Omaha is rarely mentioned as the preferred destination for Wichita State University basketball fans. This month, Shocker fans would love a game or two in the CenturyLink Center.
Unfortunately for those on a travel budget, that city doesn’t appear to be a likely destination for WSU in the NCAA Tournament.
WSU season-ticket holders must make their requests by today for tickets purchased through the athletic department. Omaha is the site of the second- and third-round games beginning March 16.
Omaha, a 304-mile drive from Koch Arena, is by far the preferred destination. WSU is allotted 400 tickets and it had 500 requests for games in Omaha as of early this week. Omaha is also the only one of the eight sub-regional sites already sold out.
That, perhaps, is the bad news. The good news, perhaps, is that WSU is unlikely to be assigned to Omaha when the tournament selection committee unveils the 68-team bracket at 5 p.m. Sunday (KWCH, Ch. 12).
While it is too early to make firm plans, Shocker fans might want to educate themselves on Albuquerque; Portland, Ore., and Nashville, Tenn.
The NCAA assigns its highest seeds to the nearest host city. Kansas and Missouri, as probable No. 1 or No. 2 seeds, are on target to land in Omaha and bring a combination of seeds 7, 8, 9, 10, 15 and 16 with them. WSU is projected as high as a No. 4 seed, which would likely keep the Shockers out of Nebraska.
ESPN.com’s Joe Lunardi projects WSU as a No. 4 seed in Portland. Andy Glockner of Sports Illustrated agrees with that seed, sending WSU to Albuquerque. Jerry Palm of CBSSports.com projects the Shockers as a No. 6 seed in Nashville.
In addition to Omaha, other sites can be ruled unlikely because of their close location to expected top seeds. North Carolina and Duke will almost certainly land in Greensboro, N.C., where WSU started its 2006 NCAA Tournament run. Louisville should get Kentucky as its No. 1 seed, with Michigan State and Ohio State candidates for a No. 2 seed there.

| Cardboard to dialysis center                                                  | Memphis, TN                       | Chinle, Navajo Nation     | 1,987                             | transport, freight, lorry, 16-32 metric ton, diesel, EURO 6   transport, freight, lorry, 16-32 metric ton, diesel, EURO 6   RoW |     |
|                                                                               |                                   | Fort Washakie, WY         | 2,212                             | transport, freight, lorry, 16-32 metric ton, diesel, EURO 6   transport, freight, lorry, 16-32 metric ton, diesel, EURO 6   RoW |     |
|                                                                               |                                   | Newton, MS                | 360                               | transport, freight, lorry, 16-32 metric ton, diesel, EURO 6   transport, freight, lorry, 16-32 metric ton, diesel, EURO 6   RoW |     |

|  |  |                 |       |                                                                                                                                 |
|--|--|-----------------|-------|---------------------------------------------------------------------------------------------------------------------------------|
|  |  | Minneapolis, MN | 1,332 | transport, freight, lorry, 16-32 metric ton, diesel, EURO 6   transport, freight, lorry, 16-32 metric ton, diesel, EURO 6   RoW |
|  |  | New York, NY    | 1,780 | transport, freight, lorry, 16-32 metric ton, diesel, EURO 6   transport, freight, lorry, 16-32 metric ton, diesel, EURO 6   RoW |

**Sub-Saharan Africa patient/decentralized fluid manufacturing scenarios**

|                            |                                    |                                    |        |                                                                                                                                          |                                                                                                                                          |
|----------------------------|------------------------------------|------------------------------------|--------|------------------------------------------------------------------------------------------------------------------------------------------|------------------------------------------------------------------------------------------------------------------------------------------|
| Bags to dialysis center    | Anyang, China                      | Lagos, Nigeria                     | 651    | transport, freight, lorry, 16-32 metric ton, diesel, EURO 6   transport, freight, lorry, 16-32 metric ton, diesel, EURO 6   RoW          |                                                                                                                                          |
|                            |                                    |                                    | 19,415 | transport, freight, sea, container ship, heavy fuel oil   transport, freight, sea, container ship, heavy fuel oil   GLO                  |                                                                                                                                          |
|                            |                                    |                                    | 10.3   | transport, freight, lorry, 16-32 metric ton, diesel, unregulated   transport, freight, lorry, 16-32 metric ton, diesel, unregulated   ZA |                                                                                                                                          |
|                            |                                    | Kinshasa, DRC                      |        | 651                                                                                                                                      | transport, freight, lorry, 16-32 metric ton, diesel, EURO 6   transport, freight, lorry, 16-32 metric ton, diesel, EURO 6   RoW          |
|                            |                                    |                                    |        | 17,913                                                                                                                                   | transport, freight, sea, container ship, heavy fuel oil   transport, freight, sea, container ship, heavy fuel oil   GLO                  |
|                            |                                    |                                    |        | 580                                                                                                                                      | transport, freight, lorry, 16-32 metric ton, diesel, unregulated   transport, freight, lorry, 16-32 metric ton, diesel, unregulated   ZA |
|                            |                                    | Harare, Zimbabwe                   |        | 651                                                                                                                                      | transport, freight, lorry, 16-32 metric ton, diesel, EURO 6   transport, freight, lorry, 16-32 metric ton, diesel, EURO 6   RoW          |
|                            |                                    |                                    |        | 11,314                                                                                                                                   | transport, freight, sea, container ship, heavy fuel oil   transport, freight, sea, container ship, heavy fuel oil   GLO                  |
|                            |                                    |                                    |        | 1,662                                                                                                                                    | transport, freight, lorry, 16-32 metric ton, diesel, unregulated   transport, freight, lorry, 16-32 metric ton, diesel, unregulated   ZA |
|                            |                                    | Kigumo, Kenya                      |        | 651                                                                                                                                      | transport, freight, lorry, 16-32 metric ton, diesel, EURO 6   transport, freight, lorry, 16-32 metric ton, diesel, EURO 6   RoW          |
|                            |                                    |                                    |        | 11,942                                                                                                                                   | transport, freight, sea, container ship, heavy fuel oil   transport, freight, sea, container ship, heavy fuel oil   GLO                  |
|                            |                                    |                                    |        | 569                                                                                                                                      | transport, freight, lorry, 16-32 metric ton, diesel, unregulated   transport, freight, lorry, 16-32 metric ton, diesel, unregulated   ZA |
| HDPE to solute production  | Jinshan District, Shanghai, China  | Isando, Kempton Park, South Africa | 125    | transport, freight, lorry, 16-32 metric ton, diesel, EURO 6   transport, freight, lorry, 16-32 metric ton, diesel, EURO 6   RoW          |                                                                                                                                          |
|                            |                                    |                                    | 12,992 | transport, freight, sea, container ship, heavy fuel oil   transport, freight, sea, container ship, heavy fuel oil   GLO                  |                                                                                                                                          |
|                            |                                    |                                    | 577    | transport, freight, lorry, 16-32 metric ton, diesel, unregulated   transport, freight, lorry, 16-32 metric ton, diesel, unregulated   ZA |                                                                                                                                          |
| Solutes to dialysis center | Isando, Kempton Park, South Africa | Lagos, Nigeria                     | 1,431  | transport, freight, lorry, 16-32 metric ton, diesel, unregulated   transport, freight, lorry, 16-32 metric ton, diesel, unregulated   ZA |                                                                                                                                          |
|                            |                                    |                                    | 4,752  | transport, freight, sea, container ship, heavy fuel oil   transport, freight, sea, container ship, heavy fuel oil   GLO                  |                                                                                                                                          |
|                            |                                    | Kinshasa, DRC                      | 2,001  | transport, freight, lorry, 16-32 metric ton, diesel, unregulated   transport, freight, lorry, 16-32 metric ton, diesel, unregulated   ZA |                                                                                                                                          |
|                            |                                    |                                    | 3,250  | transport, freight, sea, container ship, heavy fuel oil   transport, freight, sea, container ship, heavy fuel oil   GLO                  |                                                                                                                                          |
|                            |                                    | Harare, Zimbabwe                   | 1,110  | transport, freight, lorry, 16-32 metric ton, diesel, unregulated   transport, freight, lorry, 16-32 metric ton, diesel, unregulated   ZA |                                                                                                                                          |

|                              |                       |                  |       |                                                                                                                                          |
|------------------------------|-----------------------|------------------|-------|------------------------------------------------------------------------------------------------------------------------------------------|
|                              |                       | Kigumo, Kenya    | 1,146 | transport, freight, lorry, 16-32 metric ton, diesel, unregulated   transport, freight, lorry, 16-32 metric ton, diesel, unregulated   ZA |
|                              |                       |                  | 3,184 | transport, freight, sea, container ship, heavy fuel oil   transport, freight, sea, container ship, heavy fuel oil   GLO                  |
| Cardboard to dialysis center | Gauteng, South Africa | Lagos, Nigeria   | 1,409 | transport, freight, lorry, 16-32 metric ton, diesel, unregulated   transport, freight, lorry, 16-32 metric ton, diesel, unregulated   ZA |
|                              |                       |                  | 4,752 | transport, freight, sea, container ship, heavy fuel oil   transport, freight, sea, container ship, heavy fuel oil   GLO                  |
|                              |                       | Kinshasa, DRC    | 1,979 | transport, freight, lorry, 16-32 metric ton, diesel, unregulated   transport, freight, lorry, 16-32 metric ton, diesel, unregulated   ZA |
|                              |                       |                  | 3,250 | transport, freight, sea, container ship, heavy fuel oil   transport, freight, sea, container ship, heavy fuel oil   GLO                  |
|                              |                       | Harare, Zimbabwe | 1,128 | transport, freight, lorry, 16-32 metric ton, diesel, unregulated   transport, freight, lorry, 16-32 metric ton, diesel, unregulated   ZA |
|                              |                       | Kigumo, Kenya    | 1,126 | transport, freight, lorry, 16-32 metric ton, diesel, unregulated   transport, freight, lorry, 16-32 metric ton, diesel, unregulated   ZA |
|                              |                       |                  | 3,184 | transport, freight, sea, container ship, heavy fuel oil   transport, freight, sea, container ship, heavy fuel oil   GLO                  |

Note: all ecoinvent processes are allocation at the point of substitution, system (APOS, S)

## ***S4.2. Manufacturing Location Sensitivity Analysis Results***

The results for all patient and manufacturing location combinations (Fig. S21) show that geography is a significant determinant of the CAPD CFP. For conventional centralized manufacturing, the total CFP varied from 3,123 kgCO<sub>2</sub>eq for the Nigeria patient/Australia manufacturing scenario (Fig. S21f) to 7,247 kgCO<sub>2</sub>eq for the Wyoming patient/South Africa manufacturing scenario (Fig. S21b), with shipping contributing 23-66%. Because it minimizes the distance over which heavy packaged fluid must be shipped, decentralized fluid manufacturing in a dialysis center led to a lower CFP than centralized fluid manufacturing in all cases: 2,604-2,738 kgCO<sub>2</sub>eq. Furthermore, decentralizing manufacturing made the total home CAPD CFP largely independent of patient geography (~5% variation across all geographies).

Syracuse appears headed to Pittsburgh as a No. 1 seed. A No. 2 seed from the Big Ten or Big East might fit well in Pittsburgh or Columbus, Ohio.
Portland and Albuquerque, cities located far from projected high seeds, and Nashville appear to be likely destinations for No. 4 and No. 5 seeds. Lunardi, Glockner and Palm place all of their No. 4 and No. 5 seeds in those three cities.
Among WSU season-ticket holders, Albuquerque, Nashville and Louisville followed Omaha as the most-requested destinations. Albuquerque, 594 miles from Wichita, is the second-closest location. Louisville is 709 miles and Nashville 749.
In the WSU ticket office, this week is calm. On Sunday night, that will change.
Season-ticket holders will receive tickets based on the department’s priority points system. Russell Wilkins, assistant athletic director for ticket operations, said his office will e-mail ticket confirmations late Sunday night, after the bracket is announced and NCAA guidelines are followed.
“Things will happen very quickly,” Wilkins said. “We’re not getting overwhelmed with phone calls about it yet. Monday morning, we will.”
Depending on the site, WSU may have some tickets available for sale to the public on Monday. Fans who don’t want to go through WSU can order from the sites.
As of Tuesday, all arenas except Omaha had tickets for sale, according to the NCAA. In Omaha, fans willing to pay a premium could purchase tickets through a third-party vendor, primesport.com.